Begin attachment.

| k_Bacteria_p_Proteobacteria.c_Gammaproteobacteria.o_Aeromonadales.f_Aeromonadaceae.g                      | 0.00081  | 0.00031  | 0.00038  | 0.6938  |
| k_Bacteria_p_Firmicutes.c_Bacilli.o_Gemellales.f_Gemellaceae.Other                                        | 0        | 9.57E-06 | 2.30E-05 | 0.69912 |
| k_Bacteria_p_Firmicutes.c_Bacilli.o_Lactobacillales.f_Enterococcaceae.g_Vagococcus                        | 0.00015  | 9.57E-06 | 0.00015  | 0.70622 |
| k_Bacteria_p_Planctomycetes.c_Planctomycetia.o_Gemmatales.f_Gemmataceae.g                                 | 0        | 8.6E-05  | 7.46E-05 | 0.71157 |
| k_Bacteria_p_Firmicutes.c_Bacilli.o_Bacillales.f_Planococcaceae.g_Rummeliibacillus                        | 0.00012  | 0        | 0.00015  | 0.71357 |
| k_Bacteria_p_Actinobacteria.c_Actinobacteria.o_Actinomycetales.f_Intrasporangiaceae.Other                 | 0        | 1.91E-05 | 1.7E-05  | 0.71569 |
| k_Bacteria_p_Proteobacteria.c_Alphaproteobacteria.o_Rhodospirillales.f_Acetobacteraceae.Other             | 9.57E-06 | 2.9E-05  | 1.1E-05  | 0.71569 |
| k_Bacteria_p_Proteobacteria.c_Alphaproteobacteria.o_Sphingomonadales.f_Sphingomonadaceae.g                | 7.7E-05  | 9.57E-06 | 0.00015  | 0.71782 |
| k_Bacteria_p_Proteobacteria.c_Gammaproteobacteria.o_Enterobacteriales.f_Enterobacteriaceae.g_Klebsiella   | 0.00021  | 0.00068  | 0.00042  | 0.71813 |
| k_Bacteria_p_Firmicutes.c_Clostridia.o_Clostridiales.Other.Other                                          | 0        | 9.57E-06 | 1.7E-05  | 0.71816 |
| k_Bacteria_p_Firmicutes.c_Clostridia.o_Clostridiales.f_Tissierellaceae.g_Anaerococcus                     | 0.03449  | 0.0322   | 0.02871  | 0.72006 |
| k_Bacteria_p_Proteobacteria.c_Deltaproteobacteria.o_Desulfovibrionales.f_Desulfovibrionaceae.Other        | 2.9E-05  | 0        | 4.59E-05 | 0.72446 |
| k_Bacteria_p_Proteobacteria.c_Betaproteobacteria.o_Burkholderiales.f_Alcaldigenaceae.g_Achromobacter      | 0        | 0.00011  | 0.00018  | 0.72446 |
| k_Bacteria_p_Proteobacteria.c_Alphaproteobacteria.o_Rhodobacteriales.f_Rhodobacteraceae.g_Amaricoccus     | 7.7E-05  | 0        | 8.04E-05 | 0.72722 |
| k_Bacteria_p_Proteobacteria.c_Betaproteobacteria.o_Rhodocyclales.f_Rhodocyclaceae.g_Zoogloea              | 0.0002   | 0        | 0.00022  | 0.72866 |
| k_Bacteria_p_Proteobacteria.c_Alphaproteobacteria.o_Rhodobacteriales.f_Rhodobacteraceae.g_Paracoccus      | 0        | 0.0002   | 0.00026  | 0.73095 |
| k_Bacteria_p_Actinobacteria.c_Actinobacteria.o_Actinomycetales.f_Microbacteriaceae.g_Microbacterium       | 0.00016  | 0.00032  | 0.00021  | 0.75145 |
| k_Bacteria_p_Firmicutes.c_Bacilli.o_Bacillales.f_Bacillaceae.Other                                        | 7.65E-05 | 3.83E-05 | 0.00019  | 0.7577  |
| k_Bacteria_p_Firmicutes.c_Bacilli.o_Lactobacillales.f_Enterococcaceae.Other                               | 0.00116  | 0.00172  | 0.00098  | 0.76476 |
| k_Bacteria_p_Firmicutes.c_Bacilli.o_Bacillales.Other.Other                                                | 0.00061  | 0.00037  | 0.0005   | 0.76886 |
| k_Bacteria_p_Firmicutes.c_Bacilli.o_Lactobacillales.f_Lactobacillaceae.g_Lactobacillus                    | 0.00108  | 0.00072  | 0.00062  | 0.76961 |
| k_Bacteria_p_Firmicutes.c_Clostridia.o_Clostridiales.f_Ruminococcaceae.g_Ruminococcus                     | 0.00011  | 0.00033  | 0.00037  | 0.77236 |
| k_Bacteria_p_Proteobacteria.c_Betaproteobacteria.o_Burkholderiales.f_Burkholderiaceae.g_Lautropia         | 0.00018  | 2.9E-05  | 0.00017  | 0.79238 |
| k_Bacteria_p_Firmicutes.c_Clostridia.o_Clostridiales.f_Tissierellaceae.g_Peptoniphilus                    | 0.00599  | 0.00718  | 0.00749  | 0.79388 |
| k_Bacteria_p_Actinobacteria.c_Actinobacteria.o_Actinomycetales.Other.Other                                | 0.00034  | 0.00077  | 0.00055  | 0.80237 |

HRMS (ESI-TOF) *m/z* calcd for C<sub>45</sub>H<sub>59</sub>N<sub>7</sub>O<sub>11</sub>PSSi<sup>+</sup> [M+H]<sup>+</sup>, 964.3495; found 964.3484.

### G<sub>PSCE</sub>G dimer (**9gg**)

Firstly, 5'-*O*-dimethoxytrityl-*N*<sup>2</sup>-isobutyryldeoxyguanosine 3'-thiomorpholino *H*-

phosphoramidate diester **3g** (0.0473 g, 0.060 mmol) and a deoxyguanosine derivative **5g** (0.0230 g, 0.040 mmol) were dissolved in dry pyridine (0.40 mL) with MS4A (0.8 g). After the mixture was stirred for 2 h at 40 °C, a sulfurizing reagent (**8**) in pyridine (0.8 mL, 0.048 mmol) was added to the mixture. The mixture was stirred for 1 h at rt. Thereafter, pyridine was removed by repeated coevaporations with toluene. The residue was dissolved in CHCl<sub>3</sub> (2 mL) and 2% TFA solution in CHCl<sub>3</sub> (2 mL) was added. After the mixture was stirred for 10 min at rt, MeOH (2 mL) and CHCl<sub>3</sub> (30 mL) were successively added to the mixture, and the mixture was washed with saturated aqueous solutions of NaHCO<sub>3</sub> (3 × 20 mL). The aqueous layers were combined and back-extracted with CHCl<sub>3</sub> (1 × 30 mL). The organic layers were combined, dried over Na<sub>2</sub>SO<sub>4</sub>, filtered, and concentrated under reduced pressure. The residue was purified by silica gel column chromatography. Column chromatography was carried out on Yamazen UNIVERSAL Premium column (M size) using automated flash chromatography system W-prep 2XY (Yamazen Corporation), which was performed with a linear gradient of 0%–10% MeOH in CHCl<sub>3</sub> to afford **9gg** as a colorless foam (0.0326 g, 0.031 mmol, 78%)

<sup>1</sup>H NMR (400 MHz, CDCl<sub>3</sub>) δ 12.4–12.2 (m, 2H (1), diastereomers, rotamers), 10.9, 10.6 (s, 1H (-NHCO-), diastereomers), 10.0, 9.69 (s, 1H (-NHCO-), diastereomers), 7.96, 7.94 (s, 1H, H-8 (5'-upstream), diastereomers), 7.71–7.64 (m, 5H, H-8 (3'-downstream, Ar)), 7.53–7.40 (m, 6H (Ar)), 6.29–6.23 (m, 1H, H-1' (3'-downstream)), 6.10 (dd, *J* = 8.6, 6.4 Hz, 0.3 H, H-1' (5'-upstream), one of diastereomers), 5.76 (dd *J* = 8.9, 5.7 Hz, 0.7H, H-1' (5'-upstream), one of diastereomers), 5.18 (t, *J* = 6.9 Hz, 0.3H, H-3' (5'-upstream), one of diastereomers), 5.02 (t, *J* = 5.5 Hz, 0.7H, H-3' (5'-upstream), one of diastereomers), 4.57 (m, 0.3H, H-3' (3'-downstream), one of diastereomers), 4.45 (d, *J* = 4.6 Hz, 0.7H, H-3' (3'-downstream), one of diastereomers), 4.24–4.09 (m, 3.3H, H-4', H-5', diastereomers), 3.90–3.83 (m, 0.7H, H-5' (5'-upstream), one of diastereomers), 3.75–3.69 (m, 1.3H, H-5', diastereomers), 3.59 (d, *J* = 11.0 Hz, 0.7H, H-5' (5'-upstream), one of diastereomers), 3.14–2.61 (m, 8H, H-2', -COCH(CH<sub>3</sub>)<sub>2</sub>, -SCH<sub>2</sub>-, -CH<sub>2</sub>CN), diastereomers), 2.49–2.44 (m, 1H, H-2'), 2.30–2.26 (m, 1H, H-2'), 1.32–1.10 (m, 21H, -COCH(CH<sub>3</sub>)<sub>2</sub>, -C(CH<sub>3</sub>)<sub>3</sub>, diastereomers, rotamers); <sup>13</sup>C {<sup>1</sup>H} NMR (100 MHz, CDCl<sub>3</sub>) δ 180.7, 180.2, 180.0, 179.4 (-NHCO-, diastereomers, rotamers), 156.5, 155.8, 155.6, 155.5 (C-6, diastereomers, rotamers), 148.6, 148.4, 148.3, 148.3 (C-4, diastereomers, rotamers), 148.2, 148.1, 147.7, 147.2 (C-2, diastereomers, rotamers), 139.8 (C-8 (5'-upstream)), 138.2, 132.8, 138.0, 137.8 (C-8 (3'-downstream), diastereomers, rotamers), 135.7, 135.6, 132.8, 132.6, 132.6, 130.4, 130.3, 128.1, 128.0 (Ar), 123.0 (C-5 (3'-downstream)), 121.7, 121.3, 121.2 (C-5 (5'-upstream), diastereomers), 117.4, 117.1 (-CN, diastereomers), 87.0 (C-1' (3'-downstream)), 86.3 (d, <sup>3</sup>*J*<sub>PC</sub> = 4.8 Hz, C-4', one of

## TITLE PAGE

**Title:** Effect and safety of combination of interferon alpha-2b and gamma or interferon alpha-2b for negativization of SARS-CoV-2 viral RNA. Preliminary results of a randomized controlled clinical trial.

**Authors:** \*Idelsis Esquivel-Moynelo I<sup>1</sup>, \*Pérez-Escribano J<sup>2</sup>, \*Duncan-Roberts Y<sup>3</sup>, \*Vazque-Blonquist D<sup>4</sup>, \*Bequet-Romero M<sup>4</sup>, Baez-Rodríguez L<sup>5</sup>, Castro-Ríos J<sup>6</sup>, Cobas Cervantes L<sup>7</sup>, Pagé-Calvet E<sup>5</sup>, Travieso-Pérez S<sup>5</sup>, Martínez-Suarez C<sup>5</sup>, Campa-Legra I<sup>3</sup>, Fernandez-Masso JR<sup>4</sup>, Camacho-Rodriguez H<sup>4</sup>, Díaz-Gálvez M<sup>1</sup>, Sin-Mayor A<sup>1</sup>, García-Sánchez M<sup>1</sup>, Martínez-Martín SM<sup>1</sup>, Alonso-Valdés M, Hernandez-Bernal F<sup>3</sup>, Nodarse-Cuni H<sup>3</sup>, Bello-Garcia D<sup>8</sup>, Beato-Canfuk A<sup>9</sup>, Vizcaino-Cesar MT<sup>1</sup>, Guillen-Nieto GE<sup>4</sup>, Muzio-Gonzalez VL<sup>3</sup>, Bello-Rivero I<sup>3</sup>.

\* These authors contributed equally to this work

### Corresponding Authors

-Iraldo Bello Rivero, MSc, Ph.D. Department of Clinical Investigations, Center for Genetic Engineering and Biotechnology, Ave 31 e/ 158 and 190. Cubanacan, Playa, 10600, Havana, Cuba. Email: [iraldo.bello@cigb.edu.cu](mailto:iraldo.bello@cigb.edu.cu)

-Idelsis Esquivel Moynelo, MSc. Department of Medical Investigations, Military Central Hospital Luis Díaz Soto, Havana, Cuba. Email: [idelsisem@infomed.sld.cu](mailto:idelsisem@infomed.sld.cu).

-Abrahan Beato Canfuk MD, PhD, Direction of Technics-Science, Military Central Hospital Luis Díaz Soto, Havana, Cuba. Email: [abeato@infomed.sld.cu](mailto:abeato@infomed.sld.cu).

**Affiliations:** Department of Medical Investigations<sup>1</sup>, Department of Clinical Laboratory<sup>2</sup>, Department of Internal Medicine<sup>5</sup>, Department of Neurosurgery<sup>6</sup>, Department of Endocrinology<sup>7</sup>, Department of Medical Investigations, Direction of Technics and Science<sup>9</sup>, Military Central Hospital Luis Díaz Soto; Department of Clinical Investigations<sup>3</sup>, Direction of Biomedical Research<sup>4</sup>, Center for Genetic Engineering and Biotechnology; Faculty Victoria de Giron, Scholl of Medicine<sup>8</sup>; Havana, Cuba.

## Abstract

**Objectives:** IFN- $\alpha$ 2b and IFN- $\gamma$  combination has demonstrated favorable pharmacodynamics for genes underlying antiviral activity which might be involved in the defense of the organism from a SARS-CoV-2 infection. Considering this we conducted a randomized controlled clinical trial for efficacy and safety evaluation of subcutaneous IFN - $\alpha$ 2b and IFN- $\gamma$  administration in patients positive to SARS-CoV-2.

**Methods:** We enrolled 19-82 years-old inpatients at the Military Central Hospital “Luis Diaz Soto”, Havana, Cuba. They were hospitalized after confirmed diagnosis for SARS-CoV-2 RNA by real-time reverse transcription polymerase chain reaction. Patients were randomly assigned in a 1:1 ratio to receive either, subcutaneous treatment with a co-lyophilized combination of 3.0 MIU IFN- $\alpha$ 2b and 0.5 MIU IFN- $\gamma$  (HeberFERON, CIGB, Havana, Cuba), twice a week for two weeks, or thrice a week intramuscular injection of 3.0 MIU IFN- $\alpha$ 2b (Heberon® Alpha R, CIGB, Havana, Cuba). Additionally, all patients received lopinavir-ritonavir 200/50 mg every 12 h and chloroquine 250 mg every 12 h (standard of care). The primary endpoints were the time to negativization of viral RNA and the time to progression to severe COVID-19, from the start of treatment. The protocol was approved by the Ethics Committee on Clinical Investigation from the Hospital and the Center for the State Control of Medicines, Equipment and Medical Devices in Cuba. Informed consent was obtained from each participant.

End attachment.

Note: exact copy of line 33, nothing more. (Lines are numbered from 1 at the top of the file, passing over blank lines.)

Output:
**Authors:** \*Idelsis Esquivel-Moynelo I<sup>1</sup>, \*Pérez-Escribano J<sup>2</sup>, \*Duncan-Roberts Y<sup>3</sup>, \*Vazque-Blonquist D<sup>4</sup>, \*Bequet-Romero M<sup>4</sup>, Baez-Rodríguez L<sup>5</sup>, Castro-Ríos J<sup>6</sup>, Cobas Cervantes L<sup>7</sup>, Pagé-Calvet E<sup>5</sup>, Travieso-Pérez S<sup>5</sup>, Martínez-Suarez C<sup>5</sup>, Campa-Legra I<sup>3</sup>, Fernandez-Masso JR<sup>4</sup>, Camacho-Rodriguez H<sup>4</sup>, Díaz-Gálvez M<sup>1</sup>, Sin-Mayor A<sup>1</sup>, García-Sánchez M<sup>1</sup>, Martínez-Martín SM<sup>1</sup>, Alonso-Valdés M, Hernandez-Bernal F<sup>3</sup>, Nodarse-Cuni H<sup>3</sup>, Bello-Garcia D<sup>8</sup>, Beato-Canfuk A<sup>9</sup>, Vizcaino-Cesar MT<sup>1</sup>, Guillen-Nieto GE<sup>4</sup>, Muzio-Gonzalez VL<sup>3</sup>, Bello-Rivero I<sup>3</sup>.